After digging from state to state for ivory bills, it's been a disappointment to me that Kentucky has no such legislative discussion. As far as I know, the topic of the ivory trade, whether legal or illegal, has not even come up in either house. Thus, I believe it's time for this conversation to begin. Kentucky needs to vote on ivory.
This is the last installment of states that are working to pass ivory bans. You'll notice that most states originally introduced a bill in 2015, but for one reason or another they didn't pass. Find out if 2016 will be the year for more ivory bans, from Ohio to Vermont.
Ivory doesn't just exist on an elephant's or a rhino's face. There are actually many sources of ivory in nature, although not all of them are sustainable or responsible choices. This post can help guide you if you really like ivory but, like me, wish to save animals for being slaughtered.
As we move through the alphabet of ivory bills, I'd like to point out a significant, if not obvious, detail: each state is different. While all ivory bills seek to stop the killing of elephants and rhinos in Africa and Asia, each state has proposed a law that best fits its situation.
Some bills seek to protect more species than just elephants, stretching to include marine animals as well. These states are mostly on the coast, and therefore have that concern. Others, like Indiana, simply seek to take preventative measures so that ivory does not become a rampant trade, and to keep their state from becoming a gateway for ivory to pass through.
So as you look through each bill, think about what makes them different, and why each is important for the survival of keystone species. If we can get the buying to stop, the killing will too.
The race is on: In 2015, over 10 states introduced legislative bills to ban ivory in their states. But only one was passed into law. So what happened to the others? Well, find out, and see if your state has joined the international fight to become #ivoryfree.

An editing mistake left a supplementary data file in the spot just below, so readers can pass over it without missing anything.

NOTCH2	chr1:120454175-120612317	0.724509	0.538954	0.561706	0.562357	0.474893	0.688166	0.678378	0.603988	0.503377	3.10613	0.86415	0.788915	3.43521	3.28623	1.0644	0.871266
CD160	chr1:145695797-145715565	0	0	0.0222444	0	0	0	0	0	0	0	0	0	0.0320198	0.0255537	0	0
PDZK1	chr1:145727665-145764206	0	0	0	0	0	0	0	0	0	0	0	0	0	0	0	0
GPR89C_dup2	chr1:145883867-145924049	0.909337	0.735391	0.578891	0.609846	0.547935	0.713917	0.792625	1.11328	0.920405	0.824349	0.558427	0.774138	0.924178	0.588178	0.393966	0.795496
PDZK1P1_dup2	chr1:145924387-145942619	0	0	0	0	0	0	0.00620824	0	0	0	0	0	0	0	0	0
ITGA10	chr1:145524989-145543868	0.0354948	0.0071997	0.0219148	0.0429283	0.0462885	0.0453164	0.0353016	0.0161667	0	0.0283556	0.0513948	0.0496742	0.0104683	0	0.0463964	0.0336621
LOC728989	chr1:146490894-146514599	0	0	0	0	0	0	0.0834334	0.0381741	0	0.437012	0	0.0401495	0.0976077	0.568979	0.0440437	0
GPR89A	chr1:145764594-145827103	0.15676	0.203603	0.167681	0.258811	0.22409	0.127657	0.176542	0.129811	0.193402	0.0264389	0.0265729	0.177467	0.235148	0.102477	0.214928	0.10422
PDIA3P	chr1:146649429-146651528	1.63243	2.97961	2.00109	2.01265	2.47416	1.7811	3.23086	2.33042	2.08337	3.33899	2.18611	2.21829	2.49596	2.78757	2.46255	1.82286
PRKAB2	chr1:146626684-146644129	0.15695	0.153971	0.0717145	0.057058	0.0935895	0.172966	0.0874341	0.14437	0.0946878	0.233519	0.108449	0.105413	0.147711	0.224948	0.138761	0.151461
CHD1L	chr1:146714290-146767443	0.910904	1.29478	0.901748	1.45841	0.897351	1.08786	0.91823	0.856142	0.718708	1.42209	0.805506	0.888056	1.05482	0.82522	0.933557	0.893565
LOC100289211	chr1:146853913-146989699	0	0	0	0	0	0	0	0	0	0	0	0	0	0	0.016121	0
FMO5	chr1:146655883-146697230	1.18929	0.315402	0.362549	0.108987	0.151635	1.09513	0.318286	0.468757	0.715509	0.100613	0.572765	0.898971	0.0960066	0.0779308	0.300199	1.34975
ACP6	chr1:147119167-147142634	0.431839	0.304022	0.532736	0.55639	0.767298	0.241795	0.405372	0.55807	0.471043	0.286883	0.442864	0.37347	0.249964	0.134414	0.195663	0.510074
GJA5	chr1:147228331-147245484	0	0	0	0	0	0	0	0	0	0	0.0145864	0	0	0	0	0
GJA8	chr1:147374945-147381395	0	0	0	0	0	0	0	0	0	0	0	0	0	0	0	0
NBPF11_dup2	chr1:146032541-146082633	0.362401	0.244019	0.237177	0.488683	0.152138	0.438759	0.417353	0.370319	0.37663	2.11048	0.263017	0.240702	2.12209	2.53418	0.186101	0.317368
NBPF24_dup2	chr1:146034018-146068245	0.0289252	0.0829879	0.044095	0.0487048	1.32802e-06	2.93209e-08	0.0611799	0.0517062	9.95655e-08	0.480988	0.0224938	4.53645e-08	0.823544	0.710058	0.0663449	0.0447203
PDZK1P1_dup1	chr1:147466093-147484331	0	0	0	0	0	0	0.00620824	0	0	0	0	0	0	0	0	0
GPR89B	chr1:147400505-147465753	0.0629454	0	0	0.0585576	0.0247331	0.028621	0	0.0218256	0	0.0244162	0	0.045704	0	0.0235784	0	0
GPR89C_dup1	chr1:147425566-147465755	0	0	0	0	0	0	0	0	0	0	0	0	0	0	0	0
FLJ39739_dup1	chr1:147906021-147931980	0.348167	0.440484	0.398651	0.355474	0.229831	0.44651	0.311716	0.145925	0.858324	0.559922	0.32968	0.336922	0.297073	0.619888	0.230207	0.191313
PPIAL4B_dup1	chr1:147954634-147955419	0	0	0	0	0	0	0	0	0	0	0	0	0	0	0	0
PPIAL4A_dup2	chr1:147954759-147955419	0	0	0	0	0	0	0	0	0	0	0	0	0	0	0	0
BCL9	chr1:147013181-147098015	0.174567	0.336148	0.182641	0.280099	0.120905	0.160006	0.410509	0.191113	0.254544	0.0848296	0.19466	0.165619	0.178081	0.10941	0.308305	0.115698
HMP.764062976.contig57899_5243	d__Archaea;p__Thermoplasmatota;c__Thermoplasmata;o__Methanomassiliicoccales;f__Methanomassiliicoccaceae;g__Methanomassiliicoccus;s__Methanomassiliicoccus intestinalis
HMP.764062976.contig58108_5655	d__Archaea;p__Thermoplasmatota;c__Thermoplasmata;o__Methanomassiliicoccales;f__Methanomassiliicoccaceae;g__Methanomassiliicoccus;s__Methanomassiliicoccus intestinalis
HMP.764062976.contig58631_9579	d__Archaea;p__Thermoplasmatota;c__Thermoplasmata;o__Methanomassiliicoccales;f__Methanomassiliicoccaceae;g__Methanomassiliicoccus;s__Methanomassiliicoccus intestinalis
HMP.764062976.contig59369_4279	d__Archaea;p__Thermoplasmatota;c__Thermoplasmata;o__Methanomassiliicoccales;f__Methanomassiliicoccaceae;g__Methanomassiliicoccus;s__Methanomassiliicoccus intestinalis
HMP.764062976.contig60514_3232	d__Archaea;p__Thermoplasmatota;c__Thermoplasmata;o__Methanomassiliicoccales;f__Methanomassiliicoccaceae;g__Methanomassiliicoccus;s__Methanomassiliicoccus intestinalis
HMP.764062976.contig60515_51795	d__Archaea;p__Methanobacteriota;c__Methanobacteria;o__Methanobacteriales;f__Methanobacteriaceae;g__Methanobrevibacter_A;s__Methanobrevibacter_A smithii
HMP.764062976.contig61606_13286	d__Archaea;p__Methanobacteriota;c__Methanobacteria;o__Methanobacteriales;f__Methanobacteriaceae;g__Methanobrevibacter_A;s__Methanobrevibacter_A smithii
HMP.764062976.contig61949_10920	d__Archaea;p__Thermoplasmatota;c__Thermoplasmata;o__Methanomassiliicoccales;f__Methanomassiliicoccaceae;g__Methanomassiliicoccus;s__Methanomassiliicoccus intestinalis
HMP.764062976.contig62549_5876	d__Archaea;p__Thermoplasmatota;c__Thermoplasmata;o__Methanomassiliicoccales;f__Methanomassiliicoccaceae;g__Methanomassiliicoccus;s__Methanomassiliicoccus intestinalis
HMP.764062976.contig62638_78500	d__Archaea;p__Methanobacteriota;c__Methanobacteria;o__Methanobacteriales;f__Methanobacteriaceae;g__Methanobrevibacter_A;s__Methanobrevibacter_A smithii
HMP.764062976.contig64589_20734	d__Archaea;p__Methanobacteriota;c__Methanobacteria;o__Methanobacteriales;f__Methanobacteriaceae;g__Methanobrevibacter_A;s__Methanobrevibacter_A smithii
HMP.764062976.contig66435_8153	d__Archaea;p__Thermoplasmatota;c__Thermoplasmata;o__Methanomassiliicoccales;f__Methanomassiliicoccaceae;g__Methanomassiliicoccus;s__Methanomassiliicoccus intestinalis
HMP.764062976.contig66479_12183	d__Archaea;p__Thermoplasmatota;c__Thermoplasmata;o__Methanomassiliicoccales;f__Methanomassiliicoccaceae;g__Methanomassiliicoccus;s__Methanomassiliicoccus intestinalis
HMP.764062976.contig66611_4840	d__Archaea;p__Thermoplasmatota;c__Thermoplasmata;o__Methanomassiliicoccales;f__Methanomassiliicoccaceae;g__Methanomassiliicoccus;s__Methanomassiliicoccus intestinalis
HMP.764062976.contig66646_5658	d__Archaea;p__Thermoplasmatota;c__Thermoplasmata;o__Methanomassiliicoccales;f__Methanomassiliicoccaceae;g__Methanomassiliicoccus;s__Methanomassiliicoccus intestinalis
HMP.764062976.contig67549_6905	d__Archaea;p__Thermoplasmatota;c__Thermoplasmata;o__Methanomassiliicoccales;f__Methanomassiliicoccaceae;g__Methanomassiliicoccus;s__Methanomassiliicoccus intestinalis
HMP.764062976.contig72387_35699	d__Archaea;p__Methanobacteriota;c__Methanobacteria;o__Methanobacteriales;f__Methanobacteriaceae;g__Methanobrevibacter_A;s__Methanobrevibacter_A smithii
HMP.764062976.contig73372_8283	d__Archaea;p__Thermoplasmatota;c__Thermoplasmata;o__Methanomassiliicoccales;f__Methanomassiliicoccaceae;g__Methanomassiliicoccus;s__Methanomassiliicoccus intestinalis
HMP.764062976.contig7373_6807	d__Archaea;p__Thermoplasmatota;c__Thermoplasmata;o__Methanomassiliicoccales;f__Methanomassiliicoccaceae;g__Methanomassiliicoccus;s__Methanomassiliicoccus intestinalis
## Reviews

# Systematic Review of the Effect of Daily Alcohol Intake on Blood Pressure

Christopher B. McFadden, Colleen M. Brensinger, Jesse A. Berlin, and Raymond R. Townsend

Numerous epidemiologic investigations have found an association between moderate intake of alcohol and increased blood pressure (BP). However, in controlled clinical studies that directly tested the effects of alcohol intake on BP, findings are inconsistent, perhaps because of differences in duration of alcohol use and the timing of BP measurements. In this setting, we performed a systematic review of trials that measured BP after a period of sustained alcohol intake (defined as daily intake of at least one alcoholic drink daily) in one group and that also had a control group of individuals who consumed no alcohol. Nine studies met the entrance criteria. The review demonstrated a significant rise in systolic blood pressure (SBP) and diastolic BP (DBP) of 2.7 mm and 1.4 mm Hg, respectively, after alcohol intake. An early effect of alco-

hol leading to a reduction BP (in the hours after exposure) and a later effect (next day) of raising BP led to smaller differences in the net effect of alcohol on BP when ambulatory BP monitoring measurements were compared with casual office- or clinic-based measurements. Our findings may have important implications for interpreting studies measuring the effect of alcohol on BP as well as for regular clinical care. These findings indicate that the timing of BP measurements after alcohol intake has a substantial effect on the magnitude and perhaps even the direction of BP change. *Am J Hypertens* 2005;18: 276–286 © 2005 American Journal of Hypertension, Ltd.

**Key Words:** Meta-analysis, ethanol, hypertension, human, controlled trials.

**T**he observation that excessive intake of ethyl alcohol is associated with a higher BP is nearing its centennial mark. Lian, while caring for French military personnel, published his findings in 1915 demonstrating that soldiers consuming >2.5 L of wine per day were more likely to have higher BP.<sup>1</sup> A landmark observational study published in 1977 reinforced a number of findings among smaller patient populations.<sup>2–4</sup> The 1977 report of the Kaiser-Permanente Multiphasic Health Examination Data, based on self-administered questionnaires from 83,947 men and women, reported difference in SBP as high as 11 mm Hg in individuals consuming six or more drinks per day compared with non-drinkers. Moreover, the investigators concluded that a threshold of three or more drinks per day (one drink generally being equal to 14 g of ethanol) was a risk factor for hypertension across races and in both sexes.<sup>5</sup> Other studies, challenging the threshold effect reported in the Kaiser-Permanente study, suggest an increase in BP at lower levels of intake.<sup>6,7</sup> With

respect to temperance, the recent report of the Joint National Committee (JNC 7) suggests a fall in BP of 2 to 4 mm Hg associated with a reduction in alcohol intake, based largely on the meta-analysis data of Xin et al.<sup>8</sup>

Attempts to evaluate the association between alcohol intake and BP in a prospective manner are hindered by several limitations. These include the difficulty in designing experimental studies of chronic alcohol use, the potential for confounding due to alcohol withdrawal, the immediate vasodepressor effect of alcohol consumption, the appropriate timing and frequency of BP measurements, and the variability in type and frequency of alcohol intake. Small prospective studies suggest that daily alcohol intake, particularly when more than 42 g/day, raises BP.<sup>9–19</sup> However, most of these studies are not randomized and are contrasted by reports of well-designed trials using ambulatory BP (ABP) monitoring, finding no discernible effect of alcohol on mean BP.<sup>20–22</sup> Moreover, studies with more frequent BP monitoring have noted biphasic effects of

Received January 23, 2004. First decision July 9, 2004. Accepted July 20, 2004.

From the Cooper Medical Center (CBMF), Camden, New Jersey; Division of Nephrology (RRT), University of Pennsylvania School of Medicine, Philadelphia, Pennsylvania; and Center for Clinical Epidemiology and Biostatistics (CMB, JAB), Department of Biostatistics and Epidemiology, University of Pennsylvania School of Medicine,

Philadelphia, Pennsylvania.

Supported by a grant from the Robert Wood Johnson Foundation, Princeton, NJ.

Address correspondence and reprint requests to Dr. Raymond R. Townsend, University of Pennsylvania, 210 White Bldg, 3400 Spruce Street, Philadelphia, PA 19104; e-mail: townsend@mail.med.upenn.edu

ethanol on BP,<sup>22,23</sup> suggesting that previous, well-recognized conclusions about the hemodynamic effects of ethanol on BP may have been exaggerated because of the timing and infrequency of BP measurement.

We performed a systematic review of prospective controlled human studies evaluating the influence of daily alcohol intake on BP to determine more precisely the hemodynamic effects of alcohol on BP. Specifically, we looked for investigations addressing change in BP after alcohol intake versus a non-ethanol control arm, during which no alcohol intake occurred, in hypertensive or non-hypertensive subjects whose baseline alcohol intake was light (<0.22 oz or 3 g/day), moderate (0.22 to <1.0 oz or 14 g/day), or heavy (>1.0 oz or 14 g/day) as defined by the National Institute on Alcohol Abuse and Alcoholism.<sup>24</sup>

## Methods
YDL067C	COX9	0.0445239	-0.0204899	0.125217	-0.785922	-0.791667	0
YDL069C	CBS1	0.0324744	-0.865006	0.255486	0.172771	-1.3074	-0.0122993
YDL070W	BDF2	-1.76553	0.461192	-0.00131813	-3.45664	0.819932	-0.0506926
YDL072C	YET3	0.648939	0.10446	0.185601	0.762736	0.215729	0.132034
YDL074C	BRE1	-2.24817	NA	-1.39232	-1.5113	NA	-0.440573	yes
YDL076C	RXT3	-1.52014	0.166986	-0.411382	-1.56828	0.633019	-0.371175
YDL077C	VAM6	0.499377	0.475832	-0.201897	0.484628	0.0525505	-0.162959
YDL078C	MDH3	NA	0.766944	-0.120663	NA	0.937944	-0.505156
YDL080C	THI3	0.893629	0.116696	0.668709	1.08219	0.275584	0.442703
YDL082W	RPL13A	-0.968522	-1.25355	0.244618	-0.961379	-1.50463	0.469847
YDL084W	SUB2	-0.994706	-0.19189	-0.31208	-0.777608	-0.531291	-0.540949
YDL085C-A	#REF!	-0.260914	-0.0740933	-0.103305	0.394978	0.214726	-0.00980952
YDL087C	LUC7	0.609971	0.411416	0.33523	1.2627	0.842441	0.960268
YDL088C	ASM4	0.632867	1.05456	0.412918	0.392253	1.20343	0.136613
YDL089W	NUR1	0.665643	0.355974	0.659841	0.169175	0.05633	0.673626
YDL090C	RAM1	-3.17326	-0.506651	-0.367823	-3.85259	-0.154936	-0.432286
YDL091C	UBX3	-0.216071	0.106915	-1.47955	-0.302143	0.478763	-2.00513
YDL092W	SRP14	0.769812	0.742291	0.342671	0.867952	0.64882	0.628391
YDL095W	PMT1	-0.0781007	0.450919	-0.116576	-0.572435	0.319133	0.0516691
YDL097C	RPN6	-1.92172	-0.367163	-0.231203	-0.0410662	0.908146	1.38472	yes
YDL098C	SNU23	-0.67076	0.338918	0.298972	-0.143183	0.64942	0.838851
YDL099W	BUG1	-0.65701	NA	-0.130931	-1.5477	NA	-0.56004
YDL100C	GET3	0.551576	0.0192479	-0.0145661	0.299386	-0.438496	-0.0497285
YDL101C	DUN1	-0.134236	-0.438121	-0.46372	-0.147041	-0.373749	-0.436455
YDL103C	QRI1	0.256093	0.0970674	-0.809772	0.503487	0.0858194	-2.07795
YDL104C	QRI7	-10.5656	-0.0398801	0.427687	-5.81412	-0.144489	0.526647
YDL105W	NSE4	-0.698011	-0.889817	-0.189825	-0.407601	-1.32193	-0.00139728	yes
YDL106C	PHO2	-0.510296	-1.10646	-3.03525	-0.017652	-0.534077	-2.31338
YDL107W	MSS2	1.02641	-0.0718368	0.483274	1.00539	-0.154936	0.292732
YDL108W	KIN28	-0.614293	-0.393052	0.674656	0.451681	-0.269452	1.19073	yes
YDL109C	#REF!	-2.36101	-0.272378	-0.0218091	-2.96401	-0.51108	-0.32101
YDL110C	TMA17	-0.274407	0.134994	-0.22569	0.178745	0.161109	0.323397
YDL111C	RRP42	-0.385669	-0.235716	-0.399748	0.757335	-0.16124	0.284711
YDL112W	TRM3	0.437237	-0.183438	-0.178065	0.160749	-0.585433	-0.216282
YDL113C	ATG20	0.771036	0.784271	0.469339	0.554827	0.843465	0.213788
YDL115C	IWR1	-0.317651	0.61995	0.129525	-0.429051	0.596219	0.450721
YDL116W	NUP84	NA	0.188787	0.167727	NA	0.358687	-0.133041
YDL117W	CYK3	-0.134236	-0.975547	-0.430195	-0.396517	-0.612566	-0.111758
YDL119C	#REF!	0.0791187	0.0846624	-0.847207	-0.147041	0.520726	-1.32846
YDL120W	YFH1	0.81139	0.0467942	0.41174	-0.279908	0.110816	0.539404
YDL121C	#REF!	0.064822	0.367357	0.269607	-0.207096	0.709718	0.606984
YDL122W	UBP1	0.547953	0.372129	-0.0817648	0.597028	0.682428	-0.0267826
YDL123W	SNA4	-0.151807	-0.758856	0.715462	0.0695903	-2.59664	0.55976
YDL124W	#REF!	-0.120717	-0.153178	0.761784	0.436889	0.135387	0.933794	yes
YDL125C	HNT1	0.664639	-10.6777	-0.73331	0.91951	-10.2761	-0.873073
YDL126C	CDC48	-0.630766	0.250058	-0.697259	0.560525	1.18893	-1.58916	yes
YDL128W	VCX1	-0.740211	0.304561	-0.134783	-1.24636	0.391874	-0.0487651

"I need answers."
The fire in her voice showed an inflamed passion. In my mind's eye I could almost see sparks shooting from her eyes. Christina LaMonica has spent the last two years fighting the ivory trade in Ohio, with relative success, so when she discovered a new roadblock, she started lighting her matches.
I listened to his voice, searching for a hint of emotion. He was relaxed, speaking freely and calmly. He betrayed nothing; I could hear no frustration and urgency in his tone, a stark contrast to his message. He was perhaps the calmest advocate I've ever spoken with, but beneath that tranquility is a dedicated fighter in the battle against ivory.
His name is Dustin Thibideau, and he is Ivory Free Indiana.
On Wednesday afternoon I had the privilege of speaking with Rep. Madeleine Dean of Pennsylvania, who recently introduced House Bill 1537 to prohibit ivory trading and sales within the state.
Rep. Dean told me that she learned of the ivory trade fairly recently. "Truly, if I had spoken to you a year and a half ago, I would not have had this issue on my radar at all," she said. Dean credits her brother with giving her a knowledge and passion for saving elephants. "He has been talking about elephants for years and years," she said. "I eventually had to stop and say, 'What are you saying?' 'What am I missing?'"
Just as gay marriage laws became a recent trend among state legislatures, anti-ivory trade laws are popping up all over the nation. But what exactly do these laws (or in some cases, bills) say? What exactly is legal or illegal when it comes to possessing and selling ivory in America? Well, I'm glad you asked, because that's what I'm going to talk about in this post!
This post is the last installment of the In-depth series, so I thought I'd end on a happy note: what's being done to stop poaching in Africa. As I covered in my last post, poaching is a complex and organized crime, so stopping it isn't easy. But there are several different angles that governments and organizations have approached anti-poaching, and so far, their efforts are making a difference.
Kerry Skiff is a conservation advocate and recent journalism graduate of Northern Kentucky University. She follows the ivory trade around the world, and uses her voice to educate Americans about their role in animal conservation.